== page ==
Rick Bowmer, Associated Press
Extending unemployment benefits is not an ideal answer to sluggish job growth, but it is the humane thing to do.

President Obama has asked Congress to immediately extend unemployment benefits for those out of work for more than six months – something lawmakers should agree to as an act of compassion and a recognition that administration policies have failed.

Arguments against the extension are almost entirely in the realm of the philosophical and outside the sphere of pragmatism. An extension would be expensive, and must be temporary and short-term. But the economy has yet to recover to the point where robust job growth eliminates the need for extended benefits, which provides up to 47 weeks of supplemental unemployment insurance payments. The argument that it encourages a culture of reliance on government handouts is not backed by persuasive evidence, or common sense.

There are currently about 11 million people out of work while there are an estimated 3.9 million available jobs. Benefits for about 1.3 million Americans, including 3,000 Utahns, have expired, and without an extension those people and their families face severe hardship.

“These are people who want jobs and want to work,” a spokesman for the Utah Department of Workforce Services told The Deseret News. “We are committed to doing everything we can to connect these people with jobs.”

Unemployment benefits are typically available for up to 26 months. The Bush Administration moved at the beginning of the 2008 recession to allow for an extension, which expired at the end of 2013. Should Congress not renew the extension when it reconvenes, millions of people and their dependents would be unable to afford basic necessities and fall to a place of destitution that would carry long-term social costs.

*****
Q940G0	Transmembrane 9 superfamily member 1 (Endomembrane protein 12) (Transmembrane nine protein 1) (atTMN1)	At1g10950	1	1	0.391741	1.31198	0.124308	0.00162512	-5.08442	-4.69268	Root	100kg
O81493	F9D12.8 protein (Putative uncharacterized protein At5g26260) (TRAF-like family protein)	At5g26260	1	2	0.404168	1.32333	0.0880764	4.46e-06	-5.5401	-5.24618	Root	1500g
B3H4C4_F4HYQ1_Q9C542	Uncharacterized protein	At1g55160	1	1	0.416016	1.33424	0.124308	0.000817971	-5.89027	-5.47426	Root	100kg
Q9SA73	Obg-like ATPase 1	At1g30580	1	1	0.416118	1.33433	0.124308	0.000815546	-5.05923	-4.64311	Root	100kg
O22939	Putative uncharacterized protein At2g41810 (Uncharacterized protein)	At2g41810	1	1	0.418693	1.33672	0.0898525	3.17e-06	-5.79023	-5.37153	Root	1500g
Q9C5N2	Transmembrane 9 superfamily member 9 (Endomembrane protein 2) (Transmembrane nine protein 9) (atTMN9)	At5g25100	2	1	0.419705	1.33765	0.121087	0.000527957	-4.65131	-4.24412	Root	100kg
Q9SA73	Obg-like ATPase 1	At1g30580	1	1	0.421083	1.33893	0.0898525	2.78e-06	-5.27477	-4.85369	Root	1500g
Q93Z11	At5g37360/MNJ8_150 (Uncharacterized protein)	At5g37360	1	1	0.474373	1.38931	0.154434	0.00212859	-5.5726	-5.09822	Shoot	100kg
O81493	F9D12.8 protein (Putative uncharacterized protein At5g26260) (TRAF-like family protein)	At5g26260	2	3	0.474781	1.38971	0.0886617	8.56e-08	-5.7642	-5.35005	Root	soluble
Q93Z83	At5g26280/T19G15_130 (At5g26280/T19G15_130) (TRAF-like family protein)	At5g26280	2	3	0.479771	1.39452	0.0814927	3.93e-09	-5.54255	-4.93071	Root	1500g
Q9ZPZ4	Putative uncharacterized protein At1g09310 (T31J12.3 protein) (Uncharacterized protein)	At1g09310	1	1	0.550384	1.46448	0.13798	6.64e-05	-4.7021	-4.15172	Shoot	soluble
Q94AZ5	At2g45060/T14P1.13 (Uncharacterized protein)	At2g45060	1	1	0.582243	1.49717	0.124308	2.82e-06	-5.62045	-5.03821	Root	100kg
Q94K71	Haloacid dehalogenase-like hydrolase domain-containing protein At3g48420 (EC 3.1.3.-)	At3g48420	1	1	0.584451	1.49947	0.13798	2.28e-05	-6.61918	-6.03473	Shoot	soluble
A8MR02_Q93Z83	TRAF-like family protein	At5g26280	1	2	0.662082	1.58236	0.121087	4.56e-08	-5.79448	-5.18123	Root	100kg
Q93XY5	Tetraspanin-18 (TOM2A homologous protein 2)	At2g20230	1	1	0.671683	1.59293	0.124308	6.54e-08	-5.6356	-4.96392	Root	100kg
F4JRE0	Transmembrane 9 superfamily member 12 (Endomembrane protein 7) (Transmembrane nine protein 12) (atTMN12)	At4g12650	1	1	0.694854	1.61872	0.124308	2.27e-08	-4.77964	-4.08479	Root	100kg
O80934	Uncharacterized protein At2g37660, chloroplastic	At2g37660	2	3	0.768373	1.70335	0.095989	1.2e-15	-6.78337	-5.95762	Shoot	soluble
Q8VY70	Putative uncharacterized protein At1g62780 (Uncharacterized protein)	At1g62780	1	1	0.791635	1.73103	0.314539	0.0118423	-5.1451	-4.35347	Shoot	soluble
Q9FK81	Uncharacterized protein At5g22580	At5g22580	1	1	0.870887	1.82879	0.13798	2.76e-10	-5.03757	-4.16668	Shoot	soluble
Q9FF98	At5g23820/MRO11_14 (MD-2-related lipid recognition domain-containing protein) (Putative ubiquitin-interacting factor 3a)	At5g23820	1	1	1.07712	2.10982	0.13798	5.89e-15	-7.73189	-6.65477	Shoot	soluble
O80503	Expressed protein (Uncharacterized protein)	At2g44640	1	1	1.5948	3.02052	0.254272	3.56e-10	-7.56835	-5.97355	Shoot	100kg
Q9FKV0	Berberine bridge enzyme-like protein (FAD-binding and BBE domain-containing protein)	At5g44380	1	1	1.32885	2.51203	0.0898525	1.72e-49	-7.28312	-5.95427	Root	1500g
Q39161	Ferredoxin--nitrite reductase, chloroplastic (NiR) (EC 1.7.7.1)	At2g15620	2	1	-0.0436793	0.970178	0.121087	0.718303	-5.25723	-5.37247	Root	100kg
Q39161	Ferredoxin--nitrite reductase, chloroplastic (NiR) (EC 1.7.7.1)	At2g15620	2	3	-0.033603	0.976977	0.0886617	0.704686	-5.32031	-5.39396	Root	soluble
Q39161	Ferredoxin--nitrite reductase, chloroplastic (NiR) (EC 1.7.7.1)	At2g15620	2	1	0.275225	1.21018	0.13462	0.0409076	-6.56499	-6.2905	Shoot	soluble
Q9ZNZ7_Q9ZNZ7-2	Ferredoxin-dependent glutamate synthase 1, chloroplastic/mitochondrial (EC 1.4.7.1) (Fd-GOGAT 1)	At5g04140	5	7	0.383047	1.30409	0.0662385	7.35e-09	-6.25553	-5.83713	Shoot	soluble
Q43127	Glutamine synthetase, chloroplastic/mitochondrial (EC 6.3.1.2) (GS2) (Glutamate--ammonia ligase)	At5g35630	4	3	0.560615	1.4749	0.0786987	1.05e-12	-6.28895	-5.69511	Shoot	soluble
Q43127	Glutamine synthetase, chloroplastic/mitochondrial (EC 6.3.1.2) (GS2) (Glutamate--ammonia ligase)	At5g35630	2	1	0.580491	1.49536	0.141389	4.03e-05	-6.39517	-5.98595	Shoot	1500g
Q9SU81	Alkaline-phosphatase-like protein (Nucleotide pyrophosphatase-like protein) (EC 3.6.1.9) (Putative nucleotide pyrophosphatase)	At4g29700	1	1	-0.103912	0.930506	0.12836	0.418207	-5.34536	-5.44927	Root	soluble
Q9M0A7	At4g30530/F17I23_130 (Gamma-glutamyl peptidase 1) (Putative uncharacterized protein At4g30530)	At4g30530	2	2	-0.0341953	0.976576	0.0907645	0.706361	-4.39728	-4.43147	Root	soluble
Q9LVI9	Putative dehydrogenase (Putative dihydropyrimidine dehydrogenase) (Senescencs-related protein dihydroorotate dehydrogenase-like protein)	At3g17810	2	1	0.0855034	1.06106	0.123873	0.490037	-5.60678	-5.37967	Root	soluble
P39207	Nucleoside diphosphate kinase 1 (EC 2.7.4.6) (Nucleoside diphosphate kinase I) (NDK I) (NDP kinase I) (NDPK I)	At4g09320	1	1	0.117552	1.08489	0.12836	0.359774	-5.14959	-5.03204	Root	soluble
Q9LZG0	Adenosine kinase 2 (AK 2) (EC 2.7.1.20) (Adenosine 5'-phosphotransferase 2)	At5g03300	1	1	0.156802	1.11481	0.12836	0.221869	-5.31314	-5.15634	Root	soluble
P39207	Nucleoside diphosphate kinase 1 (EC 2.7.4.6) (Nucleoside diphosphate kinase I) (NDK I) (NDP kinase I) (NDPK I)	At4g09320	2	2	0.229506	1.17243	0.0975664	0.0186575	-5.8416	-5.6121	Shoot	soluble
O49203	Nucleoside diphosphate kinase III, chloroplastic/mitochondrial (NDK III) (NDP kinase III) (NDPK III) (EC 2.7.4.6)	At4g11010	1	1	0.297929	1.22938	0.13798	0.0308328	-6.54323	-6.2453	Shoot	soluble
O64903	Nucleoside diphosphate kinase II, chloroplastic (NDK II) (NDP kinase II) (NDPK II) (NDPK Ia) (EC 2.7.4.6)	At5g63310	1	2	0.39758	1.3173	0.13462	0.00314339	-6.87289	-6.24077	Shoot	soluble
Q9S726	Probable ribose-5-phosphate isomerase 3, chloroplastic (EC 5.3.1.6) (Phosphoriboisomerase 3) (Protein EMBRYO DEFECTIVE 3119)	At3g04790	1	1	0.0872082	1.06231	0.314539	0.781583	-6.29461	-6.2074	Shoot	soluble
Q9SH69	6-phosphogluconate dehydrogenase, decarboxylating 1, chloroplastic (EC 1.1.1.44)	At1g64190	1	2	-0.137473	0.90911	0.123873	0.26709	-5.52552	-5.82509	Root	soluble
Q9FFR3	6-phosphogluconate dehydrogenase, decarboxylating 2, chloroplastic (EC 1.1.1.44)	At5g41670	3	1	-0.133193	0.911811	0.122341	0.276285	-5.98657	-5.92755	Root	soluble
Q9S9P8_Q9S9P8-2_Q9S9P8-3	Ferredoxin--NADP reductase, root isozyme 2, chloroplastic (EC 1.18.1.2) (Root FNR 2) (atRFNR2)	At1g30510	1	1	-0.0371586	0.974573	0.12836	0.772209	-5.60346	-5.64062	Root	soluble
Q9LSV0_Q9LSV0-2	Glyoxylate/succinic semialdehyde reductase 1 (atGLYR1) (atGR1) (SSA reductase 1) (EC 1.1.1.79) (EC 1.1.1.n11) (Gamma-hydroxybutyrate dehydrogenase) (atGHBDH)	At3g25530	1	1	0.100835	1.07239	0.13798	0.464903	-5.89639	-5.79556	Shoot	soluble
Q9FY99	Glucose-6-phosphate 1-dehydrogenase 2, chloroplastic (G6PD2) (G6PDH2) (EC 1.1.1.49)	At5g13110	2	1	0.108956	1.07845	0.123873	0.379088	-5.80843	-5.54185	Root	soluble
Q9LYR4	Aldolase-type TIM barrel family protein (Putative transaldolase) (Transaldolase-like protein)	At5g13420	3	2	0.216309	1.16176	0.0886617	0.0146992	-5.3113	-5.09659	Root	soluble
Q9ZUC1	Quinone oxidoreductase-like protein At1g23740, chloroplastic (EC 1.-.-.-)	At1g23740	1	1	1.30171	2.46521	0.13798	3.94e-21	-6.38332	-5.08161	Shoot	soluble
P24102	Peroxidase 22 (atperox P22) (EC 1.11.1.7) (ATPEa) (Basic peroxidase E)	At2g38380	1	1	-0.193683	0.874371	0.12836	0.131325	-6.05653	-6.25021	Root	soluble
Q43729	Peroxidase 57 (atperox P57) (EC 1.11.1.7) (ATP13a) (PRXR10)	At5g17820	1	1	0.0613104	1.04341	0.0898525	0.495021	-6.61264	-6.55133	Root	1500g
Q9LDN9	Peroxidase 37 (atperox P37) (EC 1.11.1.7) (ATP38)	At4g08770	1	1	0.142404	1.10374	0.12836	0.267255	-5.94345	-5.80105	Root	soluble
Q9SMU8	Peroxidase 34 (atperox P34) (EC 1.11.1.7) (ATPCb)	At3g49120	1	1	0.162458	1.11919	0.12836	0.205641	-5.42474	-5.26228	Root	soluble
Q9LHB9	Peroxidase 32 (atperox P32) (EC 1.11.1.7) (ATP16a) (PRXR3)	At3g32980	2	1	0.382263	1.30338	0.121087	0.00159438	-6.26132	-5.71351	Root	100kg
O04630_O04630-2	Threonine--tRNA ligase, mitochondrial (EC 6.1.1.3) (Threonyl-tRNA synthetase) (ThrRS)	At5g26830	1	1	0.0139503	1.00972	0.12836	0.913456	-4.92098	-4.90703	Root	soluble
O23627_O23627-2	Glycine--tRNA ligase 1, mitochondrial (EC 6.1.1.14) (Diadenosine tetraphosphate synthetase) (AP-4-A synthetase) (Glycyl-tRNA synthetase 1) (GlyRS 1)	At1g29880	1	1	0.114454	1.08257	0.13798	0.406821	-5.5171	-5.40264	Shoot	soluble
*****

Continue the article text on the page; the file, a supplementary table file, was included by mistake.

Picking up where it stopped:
While 1.3 million workers is not a lot in comparison to the overall workforce, the economy has yet to improve to a point where job growth is robust. That may change soon, but while government figures show the economy added 2.1 million jobs in 2013 as of November, about half of those were in low-wage or part-time positions. Even those jobs are quickly snatched up as the unemployed seek any way possible to earn money.

Administration policies and programs have not helped spur job growth. The president has continued to stand in the way of construction of the Keystone Pipeline, which would create many high-paying jobs. His signature health care plan, under the Affordable Care Act, continues to create confusion and uncertainty in markets as businesses decide how to react. And the administration’s drive to increase the minimum wage would eliminate jobs, particularly for the poorest Americans and those looking for entry-level experience. Extending unemployment benefits is not an ideal answer to sluggish job growth. It would cost an estimated $25 billion. Policy changes and greater market certainty would be better. But it is the humane thing to do for those who have been doing all they can to find work without success.

The notion that large numbers of the unemployed prefer to live on government largesse is more anecdotal than factually substantive. The benefits are at a level that appropriately provides a short-term safety net, not an ongoing opportunity to languish in a condition that can rationally be viewed as comfortable.

Many observers predict real economic growth in 2014 despite administration policies. We hope they are correct. Given recent positive economic indicators, an extension should be made short-term and be eliminated as soon as growth becomes robust.